By F. David Roberts
Paternalism did not entirely fade away, however, just as a laissez faire vision had long antedated 1830. Both were part of a social conscience also defined by a revived philanthropy, a new humanitarianism, and a grudging acceptance of an expanded government, all of which reflected a strong revival of religion as well as the growth of rationalism.
The new dominance of a laissez faire vision was dramatically evident in the triumph of political economy. By 1860, only a few doubted the,eternal verities of the economists' voluminous writings. Few also doubted the verities of those who preached self-reliance, who supported the New Poor Law's severity to persons who were not self-reliant, and who inspired education measures to promote that indispensable virtue. If economic laws and self-reliance failed to prevent distress, the philanthropists and voluntary societies would step in. Such a vision proved far more buoyant and effective than a paternalism whose narrow and rural Anglican base made it unable to cope with the downside of an industrial-urban Britain.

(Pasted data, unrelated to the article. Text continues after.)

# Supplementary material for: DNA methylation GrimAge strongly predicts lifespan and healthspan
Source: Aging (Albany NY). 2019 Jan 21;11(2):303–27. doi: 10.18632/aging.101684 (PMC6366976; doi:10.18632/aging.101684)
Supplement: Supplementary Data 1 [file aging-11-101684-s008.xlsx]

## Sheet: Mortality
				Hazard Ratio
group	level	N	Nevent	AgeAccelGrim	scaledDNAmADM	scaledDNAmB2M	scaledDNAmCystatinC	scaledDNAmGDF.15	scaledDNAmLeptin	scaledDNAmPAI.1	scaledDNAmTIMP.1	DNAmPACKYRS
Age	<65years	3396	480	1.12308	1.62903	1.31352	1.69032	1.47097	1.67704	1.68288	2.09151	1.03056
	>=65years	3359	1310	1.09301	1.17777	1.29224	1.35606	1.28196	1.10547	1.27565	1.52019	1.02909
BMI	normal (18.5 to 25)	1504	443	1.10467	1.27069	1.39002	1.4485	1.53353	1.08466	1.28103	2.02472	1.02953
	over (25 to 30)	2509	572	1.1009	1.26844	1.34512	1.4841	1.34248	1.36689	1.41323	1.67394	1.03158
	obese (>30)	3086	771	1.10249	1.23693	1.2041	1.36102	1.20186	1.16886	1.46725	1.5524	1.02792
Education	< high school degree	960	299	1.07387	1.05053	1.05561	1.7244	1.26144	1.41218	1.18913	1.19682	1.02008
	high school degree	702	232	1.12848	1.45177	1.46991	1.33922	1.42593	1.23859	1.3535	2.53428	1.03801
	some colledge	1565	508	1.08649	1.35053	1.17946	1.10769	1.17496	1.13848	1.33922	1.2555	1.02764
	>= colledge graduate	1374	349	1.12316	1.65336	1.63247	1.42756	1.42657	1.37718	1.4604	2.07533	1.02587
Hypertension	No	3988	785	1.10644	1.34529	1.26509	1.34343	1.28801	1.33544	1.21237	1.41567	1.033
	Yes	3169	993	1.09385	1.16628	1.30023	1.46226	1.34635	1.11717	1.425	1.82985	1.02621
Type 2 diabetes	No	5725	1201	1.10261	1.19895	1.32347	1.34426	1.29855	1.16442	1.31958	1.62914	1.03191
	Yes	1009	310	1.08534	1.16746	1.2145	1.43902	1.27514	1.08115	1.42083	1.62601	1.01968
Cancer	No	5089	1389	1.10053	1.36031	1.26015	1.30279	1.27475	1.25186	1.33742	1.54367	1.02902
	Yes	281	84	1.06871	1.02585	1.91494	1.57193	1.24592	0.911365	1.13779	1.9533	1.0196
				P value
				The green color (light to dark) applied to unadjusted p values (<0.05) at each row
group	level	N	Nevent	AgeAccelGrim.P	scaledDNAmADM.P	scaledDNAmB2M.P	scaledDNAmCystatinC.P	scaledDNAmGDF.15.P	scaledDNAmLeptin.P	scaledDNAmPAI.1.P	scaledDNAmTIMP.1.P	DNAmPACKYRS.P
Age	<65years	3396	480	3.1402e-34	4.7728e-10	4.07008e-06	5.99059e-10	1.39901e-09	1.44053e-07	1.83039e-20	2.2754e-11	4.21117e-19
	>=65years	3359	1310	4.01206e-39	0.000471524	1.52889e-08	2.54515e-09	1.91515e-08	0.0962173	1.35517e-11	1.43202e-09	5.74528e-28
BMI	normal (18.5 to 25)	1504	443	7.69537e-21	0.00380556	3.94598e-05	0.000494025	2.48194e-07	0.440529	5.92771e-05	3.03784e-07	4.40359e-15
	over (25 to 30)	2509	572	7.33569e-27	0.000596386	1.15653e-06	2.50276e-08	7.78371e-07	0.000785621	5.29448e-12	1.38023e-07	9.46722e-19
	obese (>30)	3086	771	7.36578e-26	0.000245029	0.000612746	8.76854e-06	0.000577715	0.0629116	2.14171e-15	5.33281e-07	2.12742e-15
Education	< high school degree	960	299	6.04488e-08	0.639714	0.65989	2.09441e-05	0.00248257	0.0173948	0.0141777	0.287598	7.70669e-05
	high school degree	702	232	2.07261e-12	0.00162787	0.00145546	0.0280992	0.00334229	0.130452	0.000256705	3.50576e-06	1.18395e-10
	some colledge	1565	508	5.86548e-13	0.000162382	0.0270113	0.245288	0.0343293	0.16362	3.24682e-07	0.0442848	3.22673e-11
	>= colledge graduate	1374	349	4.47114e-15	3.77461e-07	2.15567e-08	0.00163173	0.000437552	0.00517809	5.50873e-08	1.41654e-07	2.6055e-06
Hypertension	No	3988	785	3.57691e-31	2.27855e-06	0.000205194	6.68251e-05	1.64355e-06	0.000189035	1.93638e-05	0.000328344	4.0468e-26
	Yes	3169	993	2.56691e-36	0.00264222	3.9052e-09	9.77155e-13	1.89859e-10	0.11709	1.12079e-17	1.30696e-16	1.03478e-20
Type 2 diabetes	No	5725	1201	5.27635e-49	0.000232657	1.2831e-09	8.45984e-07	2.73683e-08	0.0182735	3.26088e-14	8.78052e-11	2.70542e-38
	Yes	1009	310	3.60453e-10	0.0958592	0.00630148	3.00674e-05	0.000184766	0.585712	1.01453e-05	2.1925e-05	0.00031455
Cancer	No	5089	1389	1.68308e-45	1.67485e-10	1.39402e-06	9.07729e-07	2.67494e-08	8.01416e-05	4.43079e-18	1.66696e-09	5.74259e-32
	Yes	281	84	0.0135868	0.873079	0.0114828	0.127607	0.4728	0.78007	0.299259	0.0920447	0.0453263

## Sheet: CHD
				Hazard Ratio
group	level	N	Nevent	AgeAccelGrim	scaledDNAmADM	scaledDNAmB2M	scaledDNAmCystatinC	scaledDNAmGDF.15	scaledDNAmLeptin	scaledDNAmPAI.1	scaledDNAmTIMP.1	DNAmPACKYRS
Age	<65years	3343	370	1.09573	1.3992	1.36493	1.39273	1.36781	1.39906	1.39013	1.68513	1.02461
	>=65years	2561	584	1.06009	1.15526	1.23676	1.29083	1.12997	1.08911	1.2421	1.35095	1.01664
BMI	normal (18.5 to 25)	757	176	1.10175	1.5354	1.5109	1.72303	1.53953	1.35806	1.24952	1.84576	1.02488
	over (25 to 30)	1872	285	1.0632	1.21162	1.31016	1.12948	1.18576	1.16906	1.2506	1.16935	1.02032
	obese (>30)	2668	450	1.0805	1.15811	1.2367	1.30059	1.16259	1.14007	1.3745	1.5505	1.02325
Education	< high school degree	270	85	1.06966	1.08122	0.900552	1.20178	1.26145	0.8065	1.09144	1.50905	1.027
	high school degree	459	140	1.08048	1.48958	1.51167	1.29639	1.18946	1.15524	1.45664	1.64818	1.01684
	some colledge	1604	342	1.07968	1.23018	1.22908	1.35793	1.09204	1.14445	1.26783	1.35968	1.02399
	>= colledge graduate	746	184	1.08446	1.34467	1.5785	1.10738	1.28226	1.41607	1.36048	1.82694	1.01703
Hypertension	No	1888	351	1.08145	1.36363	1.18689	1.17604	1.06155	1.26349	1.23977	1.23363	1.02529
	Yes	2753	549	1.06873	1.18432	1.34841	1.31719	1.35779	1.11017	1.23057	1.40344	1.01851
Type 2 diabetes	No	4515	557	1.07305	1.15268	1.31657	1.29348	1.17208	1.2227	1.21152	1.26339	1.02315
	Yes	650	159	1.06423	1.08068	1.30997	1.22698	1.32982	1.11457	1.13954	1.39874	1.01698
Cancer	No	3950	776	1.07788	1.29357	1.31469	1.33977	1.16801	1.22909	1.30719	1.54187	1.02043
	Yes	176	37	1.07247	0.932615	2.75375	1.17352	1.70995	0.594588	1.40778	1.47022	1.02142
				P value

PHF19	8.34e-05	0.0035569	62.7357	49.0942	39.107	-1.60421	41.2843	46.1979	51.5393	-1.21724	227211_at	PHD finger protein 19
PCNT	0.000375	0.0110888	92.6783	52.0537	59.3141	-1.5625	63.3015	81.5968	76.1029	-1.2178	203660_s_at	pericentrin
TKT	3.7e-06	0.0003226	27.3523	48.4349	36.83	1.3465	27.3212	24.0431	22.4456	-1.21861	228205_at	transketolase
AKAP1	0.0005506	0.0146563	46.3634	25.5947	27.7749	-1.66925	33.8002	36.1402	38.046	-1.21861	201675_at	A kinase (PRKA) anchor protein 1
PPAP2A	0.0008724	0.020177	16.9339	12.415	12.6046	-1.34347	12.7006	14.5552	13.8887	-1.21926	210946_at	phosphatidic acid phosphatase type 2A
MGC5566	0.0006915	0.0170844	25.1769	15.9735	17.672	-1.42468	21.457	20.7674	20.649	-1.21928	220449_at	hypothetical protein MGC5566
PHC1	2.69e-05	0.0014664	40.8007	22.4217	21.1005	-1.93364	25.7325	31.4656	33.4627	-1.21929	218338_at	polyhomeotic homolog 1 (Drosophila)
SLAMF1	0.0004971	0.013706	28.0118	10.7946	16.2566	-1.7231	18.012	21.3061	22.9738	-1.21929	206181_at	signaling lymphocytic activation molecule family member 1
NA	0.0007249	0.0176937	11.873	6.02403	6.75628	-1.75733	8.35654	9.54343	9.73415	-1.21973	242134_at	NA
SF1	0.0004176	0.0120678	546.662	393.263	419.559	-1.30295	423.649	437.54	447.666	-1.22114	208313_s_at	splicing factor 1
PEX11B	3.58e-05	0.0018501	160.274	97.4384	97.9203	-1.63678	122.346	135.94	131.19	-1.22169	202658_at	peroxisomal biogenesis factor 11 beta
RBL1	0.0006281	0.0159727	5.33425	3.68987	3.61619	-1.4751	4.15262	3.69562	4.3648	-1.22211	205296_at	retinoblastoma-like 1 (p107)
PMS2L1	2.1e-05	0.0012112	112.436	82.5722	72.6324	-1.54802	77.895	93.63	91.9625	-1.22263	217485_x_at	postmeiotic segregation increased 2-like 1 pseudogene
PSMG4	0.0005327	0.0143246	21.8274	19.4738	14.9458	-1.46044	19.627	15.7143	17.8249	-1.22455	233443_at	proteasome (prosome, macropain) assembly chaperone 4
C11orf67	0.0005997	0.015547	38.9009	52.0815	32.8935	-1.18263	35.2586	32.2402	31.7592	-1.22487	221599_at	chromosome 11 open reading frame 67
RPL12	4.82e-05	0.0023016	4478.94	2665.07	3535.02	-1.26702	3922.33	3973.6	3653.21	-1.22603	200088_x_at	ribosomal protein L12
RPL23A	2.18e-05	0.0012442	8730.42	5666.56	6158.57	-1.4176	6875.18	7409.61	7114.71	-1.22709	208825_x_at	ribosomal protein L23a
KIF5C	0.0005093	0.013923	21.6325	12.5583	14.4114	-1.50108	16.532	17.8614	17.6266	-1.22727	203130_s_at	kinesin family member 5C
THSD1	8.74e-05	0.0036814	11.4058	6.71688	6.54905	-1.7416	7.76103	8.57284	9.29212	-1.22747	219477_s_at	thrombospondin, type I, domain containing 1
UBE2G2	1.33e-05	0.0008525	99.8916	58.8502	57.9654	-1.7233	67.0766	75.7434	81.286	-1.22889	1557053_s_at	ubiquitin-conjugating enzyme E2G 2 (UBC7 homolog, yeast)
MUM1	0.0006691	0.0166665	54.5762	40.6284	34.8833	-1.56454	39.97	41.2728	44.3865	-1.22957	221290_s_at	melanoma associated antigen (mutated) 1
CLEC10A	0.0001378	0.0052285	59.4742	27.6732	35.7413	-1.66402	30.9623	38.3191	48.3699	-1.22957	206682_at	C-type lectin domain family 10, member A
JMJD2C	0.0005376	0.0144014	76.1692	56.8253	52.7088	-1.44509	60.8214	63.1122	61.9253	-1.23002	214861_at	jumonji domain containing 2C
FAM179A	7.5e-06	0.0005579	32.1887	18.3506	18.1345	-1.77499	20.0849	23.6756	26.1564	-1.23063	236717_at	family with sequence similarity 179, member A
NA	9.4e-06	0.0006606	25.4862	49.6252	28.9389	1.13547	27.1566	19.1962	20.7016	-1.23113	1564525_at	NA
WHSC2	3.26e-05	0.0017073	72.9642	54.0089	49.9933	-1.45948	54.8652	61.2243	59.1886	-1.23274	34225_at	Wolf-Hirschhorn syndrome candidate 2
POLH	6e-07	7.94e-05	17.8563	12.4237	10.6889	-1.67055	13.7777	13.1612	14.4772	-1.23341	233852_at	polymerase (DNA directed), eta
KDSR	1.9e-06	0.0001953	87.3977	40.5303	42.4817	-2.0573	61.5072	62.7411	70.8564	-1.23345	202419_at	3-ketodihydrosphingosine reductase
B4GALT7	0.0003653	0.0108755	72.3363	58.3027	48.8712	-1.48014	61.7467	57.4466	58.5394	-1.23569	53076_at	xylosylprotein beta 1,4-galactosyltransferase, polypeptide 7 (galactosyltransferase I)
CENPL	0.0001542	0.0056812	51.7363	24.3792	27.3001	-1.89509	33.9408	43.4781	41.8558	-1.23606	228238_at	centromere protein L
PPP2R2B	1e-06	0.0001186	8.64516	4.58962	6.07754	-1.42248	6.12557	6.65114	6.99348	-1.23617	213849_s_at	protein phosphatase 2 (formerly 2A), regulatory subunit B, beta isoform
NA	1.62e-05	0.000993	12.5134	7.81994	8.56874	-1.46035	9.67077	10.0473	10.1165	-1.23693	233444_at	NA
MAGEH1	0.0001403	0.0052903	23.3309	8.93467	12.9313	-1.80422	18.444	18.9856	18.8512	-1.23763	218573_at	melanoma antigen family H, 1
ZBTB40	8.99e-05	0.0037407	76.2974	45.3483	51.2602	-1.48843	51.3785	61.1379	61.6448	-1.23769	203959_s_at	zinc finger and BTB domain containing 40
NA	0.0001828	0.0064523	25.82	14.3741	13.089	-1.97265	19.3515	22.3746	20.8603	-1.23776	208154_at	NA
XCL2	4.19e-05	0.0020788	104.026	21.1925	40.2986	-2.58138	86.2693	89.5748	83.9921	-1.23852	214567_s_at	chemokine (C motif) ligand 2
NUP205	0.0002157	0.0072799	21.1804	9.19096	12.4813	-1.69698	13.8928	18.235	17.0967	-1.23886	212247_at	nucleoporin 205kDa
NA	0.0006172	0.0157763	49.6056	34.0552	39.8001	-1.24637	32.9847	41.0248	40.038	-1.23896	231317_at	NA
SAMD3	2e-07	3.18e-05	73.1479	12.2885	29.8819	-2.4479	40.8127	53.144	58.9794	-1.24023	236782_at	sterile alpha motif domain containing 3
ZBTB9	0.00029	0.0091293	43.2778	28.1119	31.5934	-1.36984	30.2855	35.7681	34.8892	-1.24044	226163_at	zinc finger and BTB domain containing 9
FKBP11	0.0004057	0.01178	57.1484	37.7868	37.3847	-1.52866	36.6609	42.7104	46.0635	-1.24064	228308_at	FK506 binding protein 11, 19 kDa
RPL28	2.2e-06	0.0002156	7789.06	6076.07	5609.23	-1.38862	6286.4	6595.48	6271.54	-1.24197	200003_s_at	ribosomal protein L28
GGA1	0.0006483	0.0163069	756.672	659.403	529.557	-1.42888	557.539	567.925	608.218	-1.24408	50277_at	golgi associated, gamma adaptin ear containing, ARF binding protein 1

But the vision of a laissez faire society was not without its flaws. Its harmonious economic laws and itshope in self-reliance did not prevent gross exploitation and acute distress, and however beneficent were its philanthropists, they fell far short of mitigating these evils. This vision also found a rival in an expanded governme